In January of this year, Erik-Jan Bos, a Dutch scholar working on a book of famed French philosopher and mathematician René Descartes’ correspondence was surfing the web when he found a reference to Descartes in a manuscript collection at Haverford College. He contacted John Anderies, the Head of Special Collections at Haverford, and after putting their heads together they realized that Haverford had an authentic unknown letter in Descartes’ own hand, and not just any letter, but a pivotal letter he wrote to close friend Father Marin Mersenne about his soon-to-be-published Meditations on First Philosophy.
The letter had been donated to the college in 1902 by Lucy Branson Roberts, widow of Charles Roberts, Haverford Class of 1864 and avid autograph collector. What Roberts didn’t know when he bought it (nor did his widow know when she donated it) was that the letter had been stolen by Italian nobleman, scholar and notorious, shameless thief Count Guglielmo Libri Carucci dalla Sommaja when he served as secretary of the Committee for the General Catalog of Manuscripts in French Public Libraries at some point during the 1840s.
When Haverford president Stephen G. Emerson was told about the purloined Descartes letter, he didn’t even hesitate. On February 11th, coincidentally the anniversary of Descartes’ death 360 years earlier, he called Gabriel de Broglie, Chancellor of the Institut de France, and offered to return the precious artifact. Broglie accepted with alacrity, invited Emerson to Paris to return the letter in person and receive a 15,000 euro prize on behalf of the Institut, which has been trying with limited success to reclaim the 72 Descartes letters Libri stole from its collection for a century and a half.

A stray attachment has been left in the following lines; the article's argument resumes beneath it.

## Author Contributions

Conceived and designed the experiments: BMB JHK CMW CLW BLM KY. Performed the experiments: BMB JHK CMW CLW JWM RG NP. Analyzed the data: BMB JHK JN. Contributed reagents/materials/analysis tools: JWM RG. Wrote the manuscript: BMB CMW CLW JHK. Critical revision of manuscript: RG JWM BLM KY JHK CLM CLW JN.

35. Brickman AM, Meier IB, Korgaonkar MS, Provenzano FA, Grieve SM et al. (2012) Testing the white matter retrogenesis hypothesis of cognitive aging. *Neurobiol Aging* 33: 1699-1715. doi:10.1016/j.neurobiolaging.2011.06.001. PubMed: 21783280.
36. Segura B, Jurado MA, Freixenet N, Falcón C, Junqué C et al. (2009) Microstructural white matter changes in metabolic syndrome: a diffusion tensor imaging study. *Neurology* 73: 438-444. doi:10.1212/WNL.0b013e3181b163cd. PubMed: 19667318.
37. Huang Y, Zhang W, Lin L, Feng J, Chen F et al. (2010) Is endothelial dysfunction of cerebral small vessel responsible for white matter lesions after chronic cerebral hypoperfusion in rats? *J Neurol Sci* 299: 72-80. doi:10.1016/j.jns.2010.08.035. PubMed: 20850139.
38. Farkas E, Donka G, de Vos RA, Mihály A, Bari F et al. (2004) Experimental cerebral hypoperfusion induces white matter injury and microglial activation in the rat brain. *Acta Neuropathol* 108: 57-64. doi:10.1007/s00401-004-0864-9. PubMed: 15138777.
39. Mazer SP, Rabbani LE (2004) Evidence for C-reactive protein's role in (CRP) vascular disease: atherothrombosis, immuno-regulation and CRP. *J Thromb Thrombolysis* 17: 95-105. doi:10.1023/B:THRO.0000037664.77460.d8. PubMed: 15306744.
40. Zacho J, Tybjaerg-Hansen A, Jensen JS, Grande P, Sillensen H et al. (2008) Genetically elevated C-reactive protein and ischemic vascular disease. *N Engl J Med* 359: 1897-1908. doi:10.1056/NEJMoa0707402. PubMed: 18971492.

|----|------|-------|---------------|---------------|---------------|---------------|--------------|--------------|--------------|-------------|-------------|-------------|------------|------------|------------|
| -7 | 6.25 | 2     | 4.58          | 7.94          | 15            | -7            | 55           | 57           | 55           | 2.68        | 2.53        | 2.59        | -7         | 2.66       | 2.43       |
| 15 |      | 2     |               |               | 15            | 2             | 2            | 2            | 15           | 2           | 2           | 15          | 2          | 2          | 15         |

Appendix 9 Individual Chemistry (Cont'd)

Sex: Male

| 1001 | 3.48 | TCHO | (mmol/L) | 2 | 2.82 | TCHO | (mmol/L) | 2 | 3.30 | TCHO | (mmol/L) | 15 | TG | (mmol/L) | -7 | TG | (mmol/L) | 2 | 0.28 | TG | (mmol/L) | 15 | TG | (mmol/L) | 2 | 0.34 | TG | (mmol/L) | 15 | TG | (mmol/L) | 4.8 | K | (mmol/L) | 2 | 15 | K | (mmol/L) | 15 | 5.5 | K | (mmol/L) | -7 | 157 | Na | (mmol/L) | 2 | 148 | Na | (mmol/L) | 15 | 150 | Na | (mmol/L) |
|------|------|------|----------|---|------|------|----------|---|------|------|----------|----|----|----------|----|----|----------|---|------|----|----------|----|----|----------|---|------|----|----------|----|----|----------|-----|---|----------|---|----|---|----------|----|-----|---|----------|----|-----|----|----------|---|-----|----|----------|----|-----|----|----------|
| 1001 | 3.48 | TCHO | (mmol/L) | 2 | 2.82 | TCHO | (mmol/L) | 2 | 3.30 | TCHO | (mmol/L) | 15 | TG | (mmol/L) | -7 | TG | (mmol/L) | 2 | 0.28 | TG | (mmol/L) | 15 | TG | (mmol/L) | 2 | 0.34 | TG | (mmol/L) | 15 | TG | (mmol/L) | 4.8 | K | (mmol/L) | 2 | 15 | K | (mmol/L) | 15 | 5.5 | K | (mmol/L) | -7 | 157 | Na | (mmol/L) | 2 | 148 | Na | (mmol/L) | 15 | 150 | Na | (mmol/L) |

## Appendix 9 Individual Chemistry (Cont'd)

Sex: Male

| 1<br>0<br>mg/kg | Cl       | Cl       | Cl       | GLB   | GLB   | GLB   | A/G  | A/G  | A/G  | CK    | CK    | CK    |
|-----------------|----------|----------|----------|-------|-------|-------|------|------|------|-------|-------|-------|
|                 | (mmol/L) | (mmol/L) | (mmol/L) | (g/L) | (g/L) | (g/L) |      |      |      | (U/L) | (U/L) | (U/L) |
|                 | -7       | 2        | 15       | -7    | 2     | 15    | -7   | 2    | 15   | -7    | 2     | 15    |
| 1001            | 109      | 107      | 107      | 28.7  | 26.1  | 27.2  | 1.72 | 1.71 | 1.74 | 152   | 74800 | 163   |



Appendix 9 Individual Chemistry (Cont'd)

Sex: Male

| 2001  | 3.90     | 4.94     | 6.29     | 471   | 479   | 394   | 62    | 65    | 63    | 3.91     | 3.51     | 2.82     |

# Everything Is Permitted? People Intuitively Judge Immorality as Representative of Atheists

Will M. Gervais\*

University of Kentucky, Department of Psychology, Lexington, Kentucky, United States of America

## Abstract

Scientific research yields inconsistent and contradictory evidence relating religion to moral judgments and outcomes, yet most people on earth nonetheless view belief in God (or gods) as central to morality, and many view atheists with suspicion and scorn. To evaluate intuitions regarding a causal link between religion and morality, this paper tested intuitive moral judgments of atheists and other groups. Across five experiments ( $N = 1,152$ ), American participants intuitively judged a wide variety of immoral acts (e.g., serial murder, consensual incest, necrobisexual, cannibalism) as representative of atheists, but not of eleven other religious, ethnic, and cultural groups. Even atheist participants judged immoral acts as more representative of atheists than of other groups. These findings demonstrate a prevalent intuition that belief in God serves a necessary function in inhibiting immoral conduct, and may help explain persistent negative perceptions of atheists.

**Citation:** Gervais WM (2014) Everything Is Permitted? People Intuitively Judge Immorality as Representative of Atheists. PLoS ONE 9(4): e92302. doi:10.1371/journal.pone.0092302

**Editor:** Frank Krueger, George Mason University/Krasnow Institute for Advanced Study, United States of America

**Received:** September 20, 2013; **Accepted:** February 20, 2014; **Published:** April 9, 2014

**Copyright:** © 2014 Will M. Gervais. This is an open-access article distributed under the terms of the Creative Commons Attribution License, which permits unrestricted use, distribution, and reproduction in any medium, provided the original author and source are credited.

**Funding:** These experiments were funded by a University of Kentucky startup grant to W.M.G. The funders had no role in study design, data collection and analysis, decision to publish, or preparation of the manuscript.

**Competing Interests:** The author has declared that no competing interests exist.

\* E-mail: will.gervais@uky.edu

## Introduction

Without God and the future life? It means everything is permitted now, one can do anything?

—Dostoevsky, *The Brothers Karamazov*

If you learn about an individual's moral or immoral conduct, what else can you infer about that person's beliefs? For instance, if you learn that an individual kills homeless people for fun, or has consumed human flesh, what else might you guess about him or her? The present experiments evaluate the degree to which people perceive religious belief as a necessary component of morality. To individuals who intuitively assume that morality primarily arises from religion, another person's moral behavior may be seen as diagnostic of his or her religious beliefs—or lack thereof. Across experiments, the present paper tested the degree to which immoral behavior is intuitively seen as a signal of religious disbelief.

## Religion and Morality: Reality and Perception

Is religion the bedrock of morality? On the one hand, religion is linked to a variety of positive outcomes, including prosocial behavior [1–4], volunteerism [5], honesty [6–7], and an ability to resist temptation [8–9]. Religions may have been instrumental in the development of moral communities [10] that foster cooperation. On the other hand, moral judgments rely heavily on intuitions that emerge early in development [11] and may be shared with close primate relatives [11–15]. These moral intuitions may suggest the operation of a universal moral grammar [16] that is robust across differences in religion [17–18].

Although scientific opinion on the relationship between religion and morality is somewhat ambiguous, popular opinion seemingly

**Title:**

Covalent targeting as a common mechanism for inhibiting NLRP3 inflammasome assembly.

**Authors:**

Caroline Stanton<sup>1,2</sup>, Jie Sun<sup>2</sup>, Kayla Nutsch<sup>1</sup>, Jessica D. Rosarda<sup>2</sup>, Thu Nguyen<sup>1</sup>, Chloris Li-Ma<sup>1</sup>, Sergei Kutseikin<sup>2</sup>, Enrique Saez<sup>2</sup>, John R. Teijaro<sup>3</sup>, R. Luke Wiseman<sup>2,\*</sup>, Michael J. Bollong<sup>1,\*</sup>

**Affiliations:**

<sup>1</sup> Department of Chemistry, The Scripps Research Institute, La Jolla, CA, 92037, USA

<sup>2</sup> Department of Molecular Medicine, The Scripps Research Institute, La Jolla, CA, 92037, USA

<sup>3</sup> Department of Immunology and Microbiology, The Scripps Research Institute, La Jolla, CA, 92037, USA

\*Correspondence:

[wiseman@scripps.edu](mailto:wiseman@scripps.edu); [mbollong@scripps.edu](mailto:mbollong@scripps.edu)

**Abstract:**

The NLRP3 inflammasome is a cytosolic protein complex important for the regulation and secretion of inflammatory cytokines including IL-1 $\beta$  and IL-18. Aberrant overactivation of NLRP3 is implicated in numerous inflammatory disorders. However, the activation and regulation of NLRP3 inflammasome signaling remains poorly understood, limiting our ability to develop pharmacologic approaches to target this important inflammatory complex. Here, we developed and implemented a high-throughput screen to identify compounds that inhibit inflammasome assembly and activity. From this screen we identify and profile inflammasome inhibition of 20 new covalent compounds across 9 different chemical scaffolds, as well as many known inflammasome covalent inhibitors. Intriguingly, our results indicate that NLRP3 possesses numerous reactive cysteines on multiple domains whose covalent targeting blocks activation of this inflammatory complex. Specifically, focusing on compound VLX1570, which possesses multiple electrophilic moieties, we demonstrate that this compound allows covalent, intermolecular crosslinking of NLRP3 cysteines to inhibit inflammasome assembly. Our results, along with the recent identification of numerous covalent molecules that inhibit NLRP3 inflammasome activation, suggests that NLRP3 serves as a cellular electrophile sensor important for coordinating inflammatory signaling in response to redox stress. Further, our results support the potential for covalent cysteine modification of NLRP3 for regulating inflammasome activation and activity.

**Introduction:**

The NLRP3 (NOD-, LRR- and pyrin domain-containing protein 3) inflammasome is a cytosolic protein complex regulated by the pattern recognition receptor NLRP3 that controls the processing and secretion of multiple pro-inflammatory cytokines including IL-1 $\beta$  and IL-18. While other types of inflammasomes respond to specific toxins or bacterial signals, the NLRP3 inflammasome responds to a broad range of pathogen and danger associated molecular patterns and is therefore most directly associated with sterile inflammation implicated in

Today, Emerson returned the letter to the Institut and Broglie gave him a check.
In a formal ceremony in the Institute’s timbered library, Chancellor Gabriel de Broglie thanked Haverford’s president Stephen Emerson for the “integrity and honesty” of his gesture, which will bring to 17 the number of Descartes letters held by the Institute. The letter was apparently stolen by Guglielmo Libri, an Italian count and mathematician who amassed a huge collection of purloined manuscripts in the mid-19th century.
“Your university will eradicate the bad memories that Libri left in our institution,” Mr de Broglie said at the ceremony.
Haverford has decided to use the award money to purchase new historical documents and finance future studies in France by college students and faculty.
This story put a lump in my throat when I first read about it a few months ago (thank you, Clutch) and it still does now. It also puts a fog of rage in my head over what a rat bastard that Libri son of a bitch was. The Guardian has an article about the swath he cut through French literary collections and how high on the hog he lived from the profits of his iniquity.
His love and knowledge of books were recognised when he was appointed Inspector of Libraries, tasked with cataloguing valuable works. Instead of documenting them, however, he began stealing them.
Tipped off about his imminent arrest, Libri fled once more – to England, bringing with him around 30,000 books and manuscripts in 18 large trunks, including works by Galileo and Copernicus. Although found guilty of theft by a French court and sentenced in absentia to 10 years’ in jail in 1850, Libri enjoyed the high life in London, funded by selling the stolen tomes.
He returned to Italy to die in 1868. Learning of his death, the French government requested the return of some of the manuscripts and offered to buy back those that had been sold. Some were returned, but tens of thousands of other precious stolen works simply disappeared.
Eighteen trunks of manuscripts blatantly stolen from public institutions and still being sold at auction and secreted away in collections all over the world to this day.